To get that close to the dwarf in the first place a planet would have to migrate from farther out in the surviving system (the red giant phase of the star would have obliterated worlds that originally formed close to the star). Any number of chaotic planetary pinball interactions in the outer system could hurtle a planet inward.
The star's tidal pull would transform the planet's orbit from elliptical to circular.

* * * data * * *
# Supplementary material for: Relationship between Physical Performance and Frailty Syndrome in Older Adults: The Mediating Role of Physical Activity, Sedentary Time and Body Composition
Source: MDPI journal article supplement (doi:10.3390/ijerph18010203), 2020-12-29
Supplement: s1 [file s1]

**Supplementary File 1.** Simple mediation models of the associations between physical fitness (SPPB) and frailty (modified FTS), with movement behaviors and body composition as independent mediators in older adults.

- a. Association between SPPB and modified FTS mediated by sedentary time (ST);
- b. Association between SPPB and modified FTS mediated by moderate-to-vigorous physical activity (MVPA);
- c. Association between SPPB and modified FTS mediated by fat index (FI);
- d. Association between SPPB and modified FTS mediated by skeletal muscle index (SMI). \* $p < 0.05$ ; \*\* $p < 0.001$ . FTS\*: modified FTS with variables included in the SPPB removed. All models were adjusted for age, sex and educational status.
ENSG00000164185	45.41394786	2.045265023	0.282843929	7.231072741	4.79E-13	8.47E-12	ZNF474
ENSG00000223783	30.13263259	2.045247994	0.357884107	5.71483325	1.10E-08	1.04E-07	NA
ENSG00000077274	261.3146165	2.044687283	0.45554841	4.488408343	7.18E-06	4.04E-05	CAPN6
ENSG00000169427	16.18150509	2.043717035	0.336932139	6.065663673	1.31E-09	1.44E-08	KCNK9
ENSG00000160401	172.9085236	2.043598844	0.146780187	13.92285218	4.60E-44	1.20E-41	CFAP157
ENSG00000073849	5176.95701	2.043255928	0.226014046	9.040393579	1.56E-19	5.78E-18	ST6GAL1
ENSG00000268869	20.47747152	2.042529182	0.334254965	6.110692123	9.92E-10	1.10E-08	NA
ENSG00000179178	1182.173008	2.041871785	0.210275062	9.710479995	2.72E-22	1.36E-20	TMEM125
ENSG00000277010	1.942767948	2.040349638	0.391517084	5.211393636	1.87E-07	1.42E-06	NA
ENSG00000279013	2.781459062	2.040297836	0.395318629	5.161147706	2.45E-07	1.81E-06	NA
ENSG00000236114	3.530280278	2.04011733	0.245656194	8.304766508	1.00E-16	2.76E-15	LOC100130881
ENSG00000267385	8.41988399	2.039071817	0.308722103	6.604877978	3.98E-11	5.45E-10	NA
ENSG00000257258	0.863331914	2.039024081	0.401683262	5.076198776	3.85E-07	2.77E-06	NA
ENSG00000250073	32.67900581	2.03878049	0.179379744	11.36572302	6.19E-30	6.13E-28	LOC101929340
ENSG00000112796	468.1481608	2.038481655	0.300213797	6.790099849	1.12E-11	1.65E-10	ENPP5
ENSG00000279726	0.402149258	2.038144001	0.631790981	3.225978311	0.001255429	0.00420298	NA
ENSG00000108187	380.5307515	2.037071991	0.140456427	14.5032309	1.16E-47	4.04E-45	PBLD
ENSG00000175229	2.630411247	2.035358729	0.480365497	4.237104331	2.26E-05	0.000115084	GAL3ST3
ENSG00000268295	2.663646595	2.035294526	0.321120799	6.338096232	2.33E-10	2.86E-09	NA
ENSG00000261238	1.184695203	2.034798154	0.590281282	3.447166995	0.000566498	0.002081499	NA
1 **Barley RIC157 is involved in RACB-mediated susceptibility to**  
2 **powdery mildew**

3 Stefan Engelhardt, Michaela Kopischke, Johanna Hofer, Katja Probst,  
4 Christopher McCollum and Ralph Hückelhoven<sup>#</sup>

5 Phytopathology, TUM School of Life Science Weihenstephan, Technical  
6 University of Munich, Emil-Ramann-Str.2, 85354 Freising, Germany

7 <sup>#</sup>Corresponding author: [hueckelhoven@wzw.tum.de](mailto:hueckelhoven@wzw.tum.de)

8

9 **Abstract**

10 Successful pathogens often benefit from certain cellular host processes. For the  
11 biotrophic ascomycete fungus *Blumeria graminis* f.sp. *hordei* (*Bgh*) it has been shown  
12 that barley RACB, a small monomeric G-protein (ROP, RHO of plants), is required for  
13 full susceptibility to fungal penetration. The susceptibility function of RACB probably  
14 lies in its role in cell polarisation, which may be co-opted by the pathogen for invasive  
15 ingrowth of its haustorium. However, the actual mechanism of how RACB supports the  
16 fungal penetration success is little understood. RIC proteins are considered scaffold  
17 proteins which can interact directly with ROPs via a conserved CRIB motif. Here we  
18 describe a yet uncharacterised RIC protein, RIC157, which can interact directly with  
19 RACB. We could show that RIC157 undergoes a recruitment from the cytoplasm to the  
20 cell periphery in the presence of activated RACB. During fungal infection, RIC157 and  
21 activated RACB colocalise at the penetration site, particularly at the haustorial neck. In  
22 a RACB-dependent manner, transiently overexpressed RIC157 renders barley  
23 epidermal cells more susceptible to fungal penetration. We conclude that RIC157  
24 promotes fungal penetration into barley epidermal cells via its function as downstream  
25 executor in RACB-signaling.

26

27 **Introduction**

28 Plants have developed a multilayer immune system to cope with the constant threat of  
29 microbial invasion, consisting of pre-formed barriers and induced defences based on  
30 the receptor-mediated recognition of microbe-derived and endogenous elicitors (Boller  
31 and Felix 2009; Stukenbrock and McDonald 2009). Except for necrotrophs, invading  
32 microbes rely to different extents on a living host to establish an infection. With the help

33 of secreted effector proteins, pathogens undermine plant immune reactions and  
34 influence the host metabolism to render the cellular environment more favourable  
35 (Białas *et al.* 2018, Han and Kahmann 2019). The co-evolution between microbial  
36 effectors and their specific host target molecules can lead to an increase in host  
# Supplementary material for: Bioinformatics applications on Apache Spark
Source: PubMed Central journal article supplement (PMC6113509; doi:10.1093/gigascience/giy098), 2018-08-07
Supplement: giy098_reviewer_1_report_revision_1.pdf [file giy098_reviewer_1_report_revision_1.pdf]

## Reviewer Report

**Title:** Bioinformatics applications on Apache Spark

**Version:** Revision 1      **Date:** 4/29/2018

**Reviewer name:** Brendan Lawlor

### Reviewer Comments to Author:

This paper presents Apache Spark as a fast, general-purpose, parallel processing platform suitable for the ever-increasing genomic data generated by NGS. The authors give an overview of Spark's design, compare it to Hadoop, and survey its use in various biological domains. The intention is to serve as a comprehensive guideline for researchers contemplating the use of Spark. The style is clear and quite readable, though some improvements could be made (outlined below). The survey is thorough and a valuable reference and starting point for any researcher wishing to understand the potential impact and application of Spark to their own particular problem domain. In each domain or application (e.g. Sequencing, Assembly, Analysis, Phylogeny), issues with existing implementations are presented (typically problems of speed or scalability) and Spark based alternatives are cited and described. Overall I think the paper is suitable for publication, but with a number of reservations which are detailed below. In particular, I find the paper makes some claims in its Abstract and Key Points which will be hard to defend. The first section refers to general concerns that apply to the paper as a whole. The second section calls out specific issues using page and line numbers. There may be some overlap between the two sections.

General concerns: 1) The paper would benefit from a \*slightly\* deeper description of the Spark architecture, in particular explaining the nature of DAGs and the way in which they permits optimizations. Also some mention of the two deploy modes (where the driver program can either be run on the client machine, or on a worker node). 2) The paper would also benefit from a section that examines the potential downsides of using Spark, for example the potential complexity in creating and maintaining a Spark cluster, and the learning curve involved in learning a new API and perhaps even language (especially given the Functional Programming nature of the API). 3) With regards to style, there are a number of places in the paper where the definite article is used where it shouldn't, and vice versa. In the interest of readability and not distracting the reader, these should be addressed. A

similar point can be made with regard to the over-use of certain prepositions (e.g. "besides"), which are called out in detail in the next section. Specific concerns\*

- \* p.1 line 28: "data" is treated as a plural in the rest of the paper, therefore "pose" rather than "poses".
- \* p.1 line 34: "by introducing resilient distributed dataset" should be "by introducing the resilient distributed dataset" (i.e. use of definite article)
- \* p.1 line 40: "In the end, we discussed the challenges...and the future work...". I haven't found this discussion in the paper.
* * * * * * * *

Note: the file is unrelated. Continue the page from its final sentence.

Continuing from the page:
But the price is tidal heating that would bake away any water, turning the planet into a Venus-like world. The dwarf's intense ultraviolet radiation would efficiently break apart water vapor into hydrogen and oxygen.
If the migrating planet were an ice giant, like Uranus or Neptune, it might not be totally dried out. Or imagine a Titan-sized moon that may have enough of a water reservoir, and geologic mechanism for continually irrigating the surface, to survive being made bone dry. "Planets are complex objects and we hesitate to rule our habitability," say the authors.